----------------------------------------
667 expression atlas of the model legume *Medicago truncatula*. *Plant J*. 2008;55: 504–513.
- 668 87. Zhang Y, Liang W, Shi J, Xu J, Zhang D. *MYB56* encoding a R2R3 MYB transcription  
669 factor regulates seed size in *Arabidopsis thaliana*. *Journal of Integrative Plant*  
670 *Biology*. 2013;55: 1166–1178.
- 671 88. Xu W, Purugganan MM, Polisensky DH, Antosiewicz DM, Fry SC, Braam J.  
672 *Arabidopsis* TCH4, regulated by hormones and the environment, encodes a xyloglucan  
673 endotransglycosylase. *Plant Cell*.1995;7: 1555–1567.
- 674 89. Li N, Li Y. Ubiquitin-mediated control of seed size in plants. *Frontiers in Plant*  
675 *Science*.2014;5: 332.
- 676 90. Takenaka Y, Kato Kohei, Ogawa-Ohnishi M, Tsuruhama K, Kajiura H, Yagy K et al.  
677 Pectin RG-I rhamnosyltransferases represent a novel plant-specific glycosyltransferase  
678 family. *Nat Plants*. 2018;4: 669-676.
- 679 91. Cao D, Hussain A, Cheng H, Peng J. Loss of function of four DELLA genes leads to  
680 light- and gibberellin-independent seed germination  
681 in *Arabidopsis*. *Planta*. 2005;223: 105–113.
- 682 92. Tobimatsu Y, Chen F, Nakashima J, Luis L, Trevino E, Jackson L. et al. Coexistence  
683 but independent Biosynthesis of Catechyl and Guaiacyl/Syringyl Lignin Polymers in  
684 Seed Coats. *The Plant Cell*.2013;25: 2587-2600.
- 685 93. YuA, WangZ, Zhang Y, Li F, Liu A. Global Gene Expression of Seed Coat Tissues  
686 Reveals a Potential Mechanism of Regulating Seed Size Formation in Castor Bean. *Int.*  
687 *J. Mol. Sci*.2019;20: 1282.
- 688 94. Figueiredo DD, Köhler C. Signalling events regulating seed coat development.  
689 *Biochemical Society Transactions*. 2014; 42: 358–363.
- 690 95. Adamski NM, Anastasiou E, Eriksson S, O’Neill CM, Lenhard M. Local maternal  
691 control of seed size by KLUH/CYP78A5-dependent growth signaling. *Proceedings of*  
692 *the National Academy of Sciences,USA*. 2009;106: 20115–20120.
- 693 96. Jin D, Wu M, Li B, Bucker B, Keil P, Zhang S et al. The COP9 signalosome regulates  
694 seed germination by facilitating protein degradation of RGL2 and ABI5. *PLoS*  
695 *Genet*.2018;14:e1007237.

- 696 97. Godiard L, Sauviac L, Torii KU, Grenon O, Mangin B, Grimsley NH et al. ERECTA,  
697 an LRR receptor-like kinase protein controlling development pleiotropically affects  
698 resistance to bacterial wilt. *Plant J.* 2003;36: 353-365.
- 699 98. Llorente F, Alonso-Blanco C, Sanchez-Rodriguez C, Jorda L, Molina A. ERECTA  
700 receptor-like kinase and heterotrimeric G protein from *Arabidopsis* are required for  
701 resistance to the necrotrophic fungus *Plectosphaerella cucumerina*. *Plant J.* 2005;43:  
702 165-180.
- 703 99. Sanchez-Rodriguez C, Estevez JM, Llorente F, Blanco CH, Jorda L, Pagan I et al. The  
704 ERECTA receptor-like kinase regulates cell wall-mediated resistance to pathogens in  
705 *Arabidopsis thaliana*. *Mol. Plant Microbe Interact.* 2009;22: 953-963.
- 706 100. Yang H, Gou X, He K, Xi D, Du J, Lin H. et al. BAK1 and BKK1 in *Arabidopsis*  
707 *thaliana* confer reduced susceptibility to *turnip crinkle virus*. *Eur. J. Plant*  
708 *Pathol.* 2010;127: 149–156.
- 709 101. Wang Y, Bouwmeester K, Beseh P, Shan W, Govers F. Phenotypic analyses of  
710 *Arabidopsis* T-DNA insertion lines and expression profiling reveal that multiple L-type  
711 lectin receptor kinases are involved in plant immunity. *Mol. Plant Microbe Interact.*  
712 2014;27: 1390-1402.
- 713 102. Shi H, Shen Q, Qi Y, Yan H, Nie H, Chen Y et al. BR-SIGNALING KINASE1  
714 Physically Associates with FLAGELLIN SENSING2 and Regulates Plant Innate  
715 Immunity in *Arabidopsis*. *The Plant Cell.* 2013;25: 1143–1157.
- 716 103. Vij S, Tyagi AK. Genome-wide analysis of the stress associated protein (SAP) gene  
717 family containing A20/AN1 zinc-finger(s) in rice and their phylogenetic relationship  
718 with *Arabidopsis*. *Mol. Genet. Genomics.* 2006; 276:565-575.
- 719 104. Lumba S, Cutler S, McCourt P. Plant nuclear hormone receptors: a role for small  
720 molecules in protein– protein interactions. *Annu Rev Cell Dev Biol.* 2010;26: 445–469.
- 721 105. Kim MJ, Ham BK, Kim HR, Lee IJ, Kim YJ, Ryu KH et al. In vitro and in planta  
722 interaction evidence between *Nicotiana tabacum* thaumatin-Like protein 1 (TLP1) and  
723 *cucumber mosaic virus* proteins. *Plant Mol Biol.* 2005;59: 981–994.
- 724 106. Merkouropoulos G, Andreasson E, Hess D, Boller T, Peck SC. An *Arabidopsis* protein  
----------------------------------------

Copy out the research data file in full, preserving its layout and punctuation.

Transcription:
667 expression atlas of the model legume *Medicago truncatula*. *Plant J*. 2008;55: 504–513.
- 668 87. Zhang Y, Liang W, Shi J, Xu J, Zhang D. *MYB56* encoding a R2R3 MYB transcription  
669 factor regulates seed size in *Arabidopsis thaliana*. *Journal of Integrative Plant*  
670 *Biology*. 2013;55: 1166–1178.
- 671 88. Xu W, Purugganan MM, Polisensky DH, Antosiewicz DM, Fry SC, Braam J.  
672 *Arabidopsis* TCH4, regulated by hormones and the environment, encodes a xyloglucan  
673 endotransglycosylase. *Plant Cell*.1995;7: 1555–1567.
- 674 89. Li N, Li Y. Ubiquitin-mediated control of seed size in plants. *Frontiers in Plant*  
675 *Science*.2014;5: 332.
- 676 90. Takenaka Y, Kato Kohei, Ogawa-Ohnishi M, Tsuruhama K, Kajiura H, Yagy K et al.  
677 Pectin RG-I rhamnosyltransferases represent a novel plant-specific glycosyltransferase  
678 family. *Nat Plants*. 2018;4: 669-676.
- 679 91. Cao D, Hussain A, Cheng H, Peng J. Loss of function of four DELLA genes leads to  
680 light- and gibberellin-independent seed germination  
681 in *Arabidopsis*. *Planta*. 2005;223: 105–113.
- 682 92. Tobimatsu Y, Chen F, Nakashima J, Luis L, Trevino E, Jackson L. et al. Coexistence  
683 but independent Biosynthesis of Catechyl and Guaiacyl/Syringyl Lignin Polymers in  
684 Seed Coats. *The Plant Cell*.2013;25: 2587-2600.
- 685 93. YuA, WangZ, Zhang Y, Li F, Liu A. Global Gene Expression of Seed Coat Tissues  
686 Reveals a Potential Mechanism of Regulating Seed Size Formation in Castor Bean. *Int.*  
687 *J. Mol. Sci*.2019;20: 1282.
- 688 94. Figueiredo DD, Köhler C. Signalling events regulating seed coat development.  
689 *Biochemical Society Transactions*. 2014; 42: 358–363.
- 690 95. Adamski NM, Anastasiou E, Eriksson S, O’Neill CM, Lenhard M. Local maternal  
691 control of seed size by KLUH/CYP78A5-dependent growth signaling. *Proceedings of*  
692 *the National Academy of Sciences,USA*. 2009;106: 20115–20120.
- 693 96. Jin D, Wu M, Li B, Bucker B, Keil P, Zhang S et al. The COP9 signalosome regulates  
694 seed germination by facilitating protein degradation of RGL2 and ABI5. *PLoS*  
695 *Genet*.2018;14:e1007237.

- 696 97. Godiard L, Sauviac L, Torii KU, Grenon O, Mangin B, Grimsley NH et al. ERECTA,  
697 an LRR receptor-like kinase protein controlling development pleiotropically affects  
698 resistance to bacterial wilt. *Plant J.* 2003;36: 353-365.
- 699 98. Llorente F, Alonso-Blanco C, Sanchez-Rodriguez C, Jorda L, Molina A. ERECTA  
700 receptor-like kinase and heterotrimeric G protein from *Arabidopsis* are required for  
701 resistance to the necrotrophic fungus *Plectosphaerella cucumerina*. *Plant J.* 2005;43:  
702 165-180.
- 703 99. Sanchez-Rodriguez C, Estevez JM, Llorente F, Blanco CH, Jorda L, Pagan I et al. The  
704 ERECTA receptor-like kinase regulates cell wall-mediated resistance to pathogens in  
705 *Arabidopsis thaliana*. *Mol. Plant Microbe Interact.* 2009;22: 953-963.
- 706 100. Yang H, Gou X, He K, Xi D, Du J, Lin H. et al. BAK1 and BKK1 in *Arabidopsis*  
707 *thaliana* confer reduced susceptibility to *turnip crinkle virus*. *Eur. J. Plant*  
708 *Pathol.* 2010;127: 149–156.
- 709 101. Wang Y, Bouwmeester K, Beseh P, Shan W, Govers F. Phenotypic analyses of  
710 *Arabidopsis* T-DNA insertion lines and expression profiling reveal that multiple L-type  
711 lectin receptor kinases are involved in plant immunity. *Mol. Plant Microbe Interact.*  
712 2014;27: 1390-1402.
- 713 102. Shi H, Shen Q, Qi Y, Yan H, Nie H, Chen Y et al. BR-SIGNALING KINASE1  
714 Physically Associates with FLAGELLIN SENSING2 and Regulates Plant Innate  
715 Immunity in *Arabidopsis*. *The Plant Cell.* 2013;25: 1143–1157.
- 716 103. Vij S, Tyagi AK. Genome-wide analysis of the stress associated protein (SAP) gene  
717 family containing A20/AN1 zinc-finger(s) in rice and their phylogenetic relationship  
718 with *Arabidopsis*. *Mol. Genet. Genomics.* 2006; 276:565-575.
- 719 104. Lumba S, Cutler S, McCourt P. Plant nuclear hormone receptors: a role for small  
720 molecules in protein– protein interactions. *Annu Rev Cell Dev Biol.* 2010;26: 445–469.
- 721 105. Kim MJ, Ham BK, Kim HR, Lee IJ, Kim YJ, Ryu KH et al. In vitro and in planta  
722 interaction evidence between *Nicotiana tabacum* thaumatin-Like protein 1 (TLP1) and  
723 *cucumber mosaic virus* proteins. *Plant Mol Biol.* 2005;59: 981–994.
- 724 106. Merkouropoulos G, Andreasson E, Hess D, Boller T, Peck SC. An *Arabidopsis* protein  